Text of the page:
Following a consistent feeding schedule also helps in reducing the Cane’s doggy slobber. It will prevent excessive drooling as he waits for you to serve him food.
The Cane Corso is a serious working dog that is loyal and reliable. It may be protective by nature, but it is gentle and loving, especially to its family. It develops a strong bond with one person, particularly the most involved in providing for its needs.
The Cane Corso is best suited for families with older children who know how to interact with dogs properly. Because of the Corso’s large size and prey drive, it is not a good playmate for toddlers. It usually gets along with other medium-size pets especially when raised together.
The Corso does not easily trust strangers and tends to be distant and wary. This makes it an effective guard dog. However, it is important to keep a watchful eye when children’s friends come over. That’s because the Corso is very protective. It may wrongly judge a situation when kids become too boisterous.
Early socialisation with various people and animals, as well as exposing it to different places and situations will make it a well-rounded dog. It also helps in ensuring that the breed has a sound judgment as a guard dog.
This breed is highly intelligent and trainable, especially because it loves to please its owners. However, the Corso is a challenging breed to raise. Thus, it is not suited for first-time owners. It needs an experienced owner that is firm and authoritative.
Avoid rigid and rough training methods though. It can lead to the development of undesirable behaviours and may even break your bond with your dog. Focus on positive reinforcement and reward-based training instead to motivate your dog.
The alpha role in the household needs to be established early, so it can accept its place in the pack. It is also best suited for active owners that love the outdoors. It is definitely not an apartment dog and would thrive in the countryside. Too much idle time could lead to destructive behaviour.
A typical serving for an adult Cane Corso is 4 - 5 cups of excellent-quality dry dog food per day. As a large dog prone to bloat, measure its food, divide it into two meals, and avoid free-feeding.
Typical daily calorie needs of an adult Cane Corso weighing 45 kilos:
You can feed your Cane Corso home-made (raw/cooked) or commercial food, whichever is practical for you. However, if you choose to make its food, make sure you ask a vet what supplements it requires. This way nutrient deficiencies can be avoided.
On the other hand, when you choose to buy commercial dog food, only purchase high-quality dog food with fewer ingredients, high protein, and no artificial flavourings and fillers.
The Cane Corso is generally healthy and can live up to 10-11 years. However, he may develop health problems predisposed to its breed. It can suffer various health issues, including:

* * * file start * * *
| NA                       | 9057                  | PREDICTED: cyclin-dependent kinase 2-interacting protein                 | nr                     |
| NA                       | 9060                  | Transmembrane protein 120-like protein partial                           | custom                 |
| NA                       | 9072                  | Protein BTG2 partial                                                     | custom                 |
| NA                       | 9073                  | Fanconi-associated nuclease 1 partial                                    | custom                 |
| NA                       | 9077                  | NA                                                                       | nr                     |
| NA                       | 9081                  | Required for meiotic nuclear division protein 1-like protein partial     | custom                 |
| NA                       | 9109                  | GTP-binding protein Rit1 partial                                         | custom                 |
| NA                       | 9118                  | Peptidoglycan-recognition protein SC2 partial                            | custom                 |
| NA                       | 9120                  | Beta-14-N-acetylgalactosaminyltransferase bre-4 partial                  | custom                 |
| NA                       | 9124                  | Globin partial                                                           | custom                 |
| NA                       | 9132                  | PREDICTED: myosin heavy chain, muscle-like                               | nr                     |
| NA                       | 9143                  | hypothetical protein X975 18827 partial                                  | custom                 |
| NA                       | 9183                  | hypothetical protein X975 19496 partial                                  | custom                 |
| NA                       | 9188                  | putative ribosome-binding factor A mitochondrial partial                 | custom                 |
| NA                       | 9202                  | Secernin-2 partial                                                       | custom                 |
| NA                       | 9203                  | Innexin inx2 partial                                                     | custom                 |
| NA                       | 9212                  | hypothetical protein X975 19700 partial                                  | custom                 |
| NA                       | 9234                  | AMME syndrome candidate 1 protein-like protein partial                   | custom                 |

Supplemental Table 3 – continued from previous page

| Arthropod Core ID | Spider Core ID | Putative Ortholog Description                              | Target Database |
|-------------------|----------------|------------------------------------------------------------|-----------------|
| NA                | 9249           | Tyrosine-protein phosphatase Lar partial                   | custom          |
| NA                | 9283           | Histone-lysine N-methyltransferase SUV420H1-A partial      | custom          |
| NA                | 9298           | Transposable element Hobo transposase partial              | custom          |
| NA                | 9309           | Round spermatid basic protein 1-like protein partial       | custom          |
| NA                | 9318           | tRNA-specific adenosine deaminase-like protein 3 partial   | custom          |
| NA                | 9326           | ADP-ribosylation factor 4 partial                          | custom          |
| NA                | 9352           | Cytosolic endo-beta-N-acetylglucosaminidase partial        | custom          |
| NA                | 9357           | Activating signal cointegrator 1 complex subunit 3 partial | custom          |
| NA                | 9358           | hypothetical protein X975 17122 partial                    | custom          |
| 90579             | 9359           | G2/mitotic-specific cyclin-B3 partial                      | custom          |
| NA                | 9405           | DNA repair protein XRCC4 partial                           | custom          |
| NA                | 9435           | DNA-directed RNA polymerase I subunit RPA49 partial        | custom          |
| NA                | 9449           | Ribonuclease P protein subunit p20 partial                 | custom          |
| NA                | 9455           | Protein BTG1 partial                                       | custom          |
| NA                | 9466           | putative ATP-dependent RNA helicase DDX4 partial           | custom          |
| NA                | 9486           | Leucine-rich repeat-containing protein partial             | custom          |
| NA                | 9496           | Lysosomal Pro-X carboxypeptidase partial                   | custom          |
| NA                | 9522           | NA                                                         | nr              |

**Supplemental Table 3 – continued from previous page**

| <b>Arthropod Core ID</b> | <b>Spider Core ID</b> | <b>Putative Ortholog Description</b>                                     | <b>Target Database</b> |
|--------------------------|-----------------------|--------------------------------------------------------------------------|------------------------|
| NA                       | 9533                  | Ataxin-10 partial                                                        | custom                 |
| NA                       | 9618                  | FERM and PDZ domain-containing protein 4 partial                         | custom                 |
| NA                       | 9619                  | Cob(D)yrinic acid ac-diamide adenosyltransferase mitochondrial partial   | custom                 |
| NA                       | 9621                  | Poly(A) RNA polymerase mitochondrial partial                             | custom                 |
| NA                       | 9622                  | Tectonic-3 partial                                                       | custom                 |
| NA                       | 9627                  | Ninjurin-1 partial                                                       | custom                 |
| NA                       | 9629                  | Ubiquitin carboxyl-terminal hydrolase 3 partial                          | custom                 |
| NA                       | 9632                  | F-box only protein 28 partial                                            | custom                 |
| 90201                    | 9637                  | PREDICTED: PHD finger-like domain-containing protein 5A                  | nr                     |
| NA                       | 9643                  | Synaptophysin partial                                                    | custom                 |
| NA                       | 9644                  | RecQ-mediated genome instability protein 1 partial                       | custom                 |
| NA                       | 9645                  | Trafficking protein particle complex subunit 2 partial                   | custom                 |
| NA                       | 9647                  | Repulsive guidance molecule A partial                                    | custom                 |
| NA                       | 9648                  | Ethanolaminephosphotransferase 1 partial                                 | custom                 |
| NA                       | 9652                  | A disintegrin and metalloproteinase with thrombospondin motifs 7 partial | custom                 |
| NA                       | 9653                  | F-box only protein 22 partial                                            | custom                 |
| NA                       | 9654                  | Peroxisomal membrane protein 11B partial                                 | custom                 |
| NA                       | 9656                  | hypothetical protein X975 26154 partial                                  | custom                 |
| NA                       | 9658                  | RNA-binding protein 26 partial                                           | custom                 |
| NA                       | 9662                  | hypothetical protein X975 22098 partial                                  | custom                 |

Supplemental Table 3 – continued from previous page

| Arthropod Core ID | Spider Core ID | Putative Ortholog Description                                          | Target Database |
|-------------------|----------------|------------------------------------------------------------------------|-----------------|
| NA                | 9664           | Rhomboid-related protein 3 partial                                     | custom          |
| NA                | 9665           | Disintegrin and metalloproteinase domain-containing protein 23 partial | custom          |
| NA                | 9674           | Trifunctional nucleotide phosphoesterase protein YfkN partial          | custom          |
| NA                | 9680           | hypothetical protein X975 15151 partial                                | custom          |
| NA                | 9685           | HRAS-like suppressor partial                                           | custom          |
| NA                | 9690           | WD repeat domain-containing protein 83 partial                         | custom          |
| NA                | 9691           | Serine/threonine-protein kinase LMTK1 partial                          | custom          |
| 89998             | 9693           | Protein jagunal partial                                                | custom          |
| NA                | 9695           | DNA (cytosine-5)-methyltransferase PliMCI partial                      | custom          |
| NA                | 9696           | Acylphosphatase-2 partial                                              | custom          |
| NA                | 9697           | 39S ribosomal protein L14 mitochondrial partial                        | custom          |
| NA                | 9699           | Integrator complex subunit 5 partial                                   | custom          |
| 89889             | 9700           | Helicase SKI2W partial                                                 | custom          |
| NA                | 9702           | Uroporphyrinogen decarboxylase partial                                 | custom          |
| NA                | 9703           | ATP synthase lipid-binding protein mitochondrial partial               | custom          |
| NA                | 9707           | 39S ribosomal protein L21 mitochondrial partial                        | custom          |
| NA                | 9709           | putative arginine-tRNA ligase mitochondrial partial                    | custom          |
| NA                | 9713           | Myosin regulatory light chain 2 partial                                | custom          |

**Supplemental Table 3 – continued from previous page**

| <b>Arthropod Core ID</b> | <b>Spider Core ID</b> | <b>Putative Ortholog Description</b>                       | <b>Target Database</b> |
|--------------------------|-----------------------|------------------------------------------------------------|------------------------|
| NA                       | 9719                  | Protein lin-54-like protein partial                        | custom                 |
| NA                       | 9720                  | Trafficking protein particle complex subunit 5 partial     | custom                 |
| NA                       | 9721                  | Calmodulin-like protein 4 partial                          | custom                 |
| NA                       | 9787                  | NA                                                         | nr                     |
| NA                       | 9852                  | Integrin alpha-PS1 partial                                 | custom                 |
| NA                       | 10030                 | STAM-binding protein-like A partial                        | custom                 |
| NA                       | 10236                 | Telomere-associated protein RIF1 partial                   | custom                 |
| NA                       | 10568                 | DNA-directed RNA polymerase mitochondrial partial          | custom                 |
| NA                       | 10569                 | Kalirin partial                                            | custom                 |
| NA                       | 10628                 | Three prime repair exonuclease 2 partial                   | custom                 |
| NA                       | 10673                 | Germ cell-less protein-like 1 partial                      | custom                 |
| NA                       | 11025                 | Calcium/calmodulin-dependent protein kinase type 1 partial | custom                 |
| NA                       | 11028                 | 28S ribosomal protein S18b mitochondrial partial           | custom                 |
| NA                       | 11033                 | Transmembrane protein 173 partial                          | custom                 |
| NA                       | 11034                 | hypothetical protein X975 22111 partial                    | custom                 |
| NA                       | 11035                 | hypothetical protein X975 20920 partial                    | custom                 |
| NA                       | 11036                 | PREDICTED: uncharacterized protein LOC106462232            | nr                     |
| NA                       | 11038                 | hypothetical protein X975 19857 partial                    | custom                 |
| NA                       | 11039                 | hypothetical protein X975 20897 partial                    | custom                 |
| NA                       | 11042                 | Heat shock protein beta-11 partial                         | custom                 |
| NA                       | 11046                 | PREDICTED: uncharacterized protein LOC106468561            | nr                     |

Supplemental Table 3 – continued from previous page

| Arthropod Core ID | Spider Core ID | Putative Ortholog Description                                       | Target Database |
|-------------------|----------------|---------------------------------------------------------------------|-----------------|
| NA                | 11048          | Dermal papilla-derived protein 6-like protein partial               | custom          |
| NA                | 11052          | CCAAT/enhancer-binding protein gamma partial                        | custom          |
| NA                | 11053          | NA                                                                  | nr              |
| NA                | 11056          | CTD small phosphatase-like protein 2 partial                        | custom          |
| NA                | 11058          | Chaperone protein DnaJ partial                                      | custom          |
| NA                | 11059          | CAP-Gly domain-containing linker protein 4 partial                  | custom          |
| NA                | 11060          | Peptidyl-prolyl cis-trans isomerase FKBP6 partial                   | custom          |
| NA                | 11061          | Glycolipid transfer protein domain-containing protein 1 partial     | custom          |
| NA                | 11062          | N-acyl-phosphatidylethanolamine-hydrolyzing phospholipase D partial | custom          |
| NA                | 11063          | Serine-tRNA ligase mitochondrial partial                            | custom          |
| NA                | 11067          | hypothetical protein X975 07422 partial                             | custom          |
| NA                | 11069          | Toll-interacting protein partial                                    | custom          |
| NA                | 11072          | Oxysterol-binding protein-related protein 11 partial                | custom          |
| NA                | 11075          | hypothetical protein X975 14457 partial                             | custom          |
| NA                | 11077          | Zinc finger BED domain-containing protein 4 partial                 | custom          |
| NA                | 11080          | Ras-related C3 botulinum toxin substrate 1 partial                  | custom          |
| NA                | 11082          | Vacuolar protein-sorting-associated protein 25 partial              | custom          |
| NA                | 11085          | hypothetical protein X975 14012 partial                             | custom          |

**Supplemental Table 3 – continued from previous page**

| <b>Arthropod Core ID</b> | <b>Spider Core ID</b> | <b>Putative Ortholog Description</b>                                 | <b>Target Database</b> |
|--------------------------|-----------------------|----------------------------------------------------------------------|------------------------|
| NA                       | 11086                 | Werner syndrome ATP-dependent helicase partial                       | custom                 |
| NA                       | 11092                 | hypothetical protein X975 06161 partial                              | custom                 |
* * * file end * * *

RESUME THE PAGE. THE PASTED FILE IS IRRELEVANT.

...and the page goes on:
The best way to prevent your dog from developing these health conditions is by getting it from a reputable Cane Corso breeder who screens their dogs. This ensures that the litters they produce are at less risk of having genetic diseases.
The suggested health tests for the Cane Corso are hip and elbow evaluation and cardiac exam.
The Cane Corso was bred as a working breed with different jobs, so naturally, it needs a lot of exercises. It needs at least eighty minutes’ worth of physically and mentally draining activities. It usually craves the outdoors and loves joining its owner in its physical undertakings.
The Cane Corso is prone to overheating as its short coat can’t protect it from the heat. To keep him safe from heatstroke, be sure to walk him during the coolest parts of the day.
Beware that Cane Corso puppies have fragile joints, bones, and ligaments. Avoid overexercising and allowing them to jump up and down on surfaces as it can strain and damage their body.
The cost of owning a Cane Corso is relevantly high because it is a large dog with plenty of needs. You may need to pay around £1,000–£2,000 for a well-bred Cane Corso puppy. The breed is rare in the UK, so you are likely to be on a waiting list.
Necessities such as a bed, lead, grooming essentials, and toys will cost around £200. Food and treat costs for this big dog can be around £50 a month.
Veterinary costs, including routine health checks, vaccinations, and deworming, can reach £1,000 for the first year. Less for the following years minors the initial boosters and castration cost.
Insuring your Cane Corso puppy will set you back £40–£100 monthly, depending on the coverage.
Are you sure the Cane Corso is the best breed for you? Take the Pet Breed Selector Quiz to find your perfect breed match.Dog Breed Selector Quiz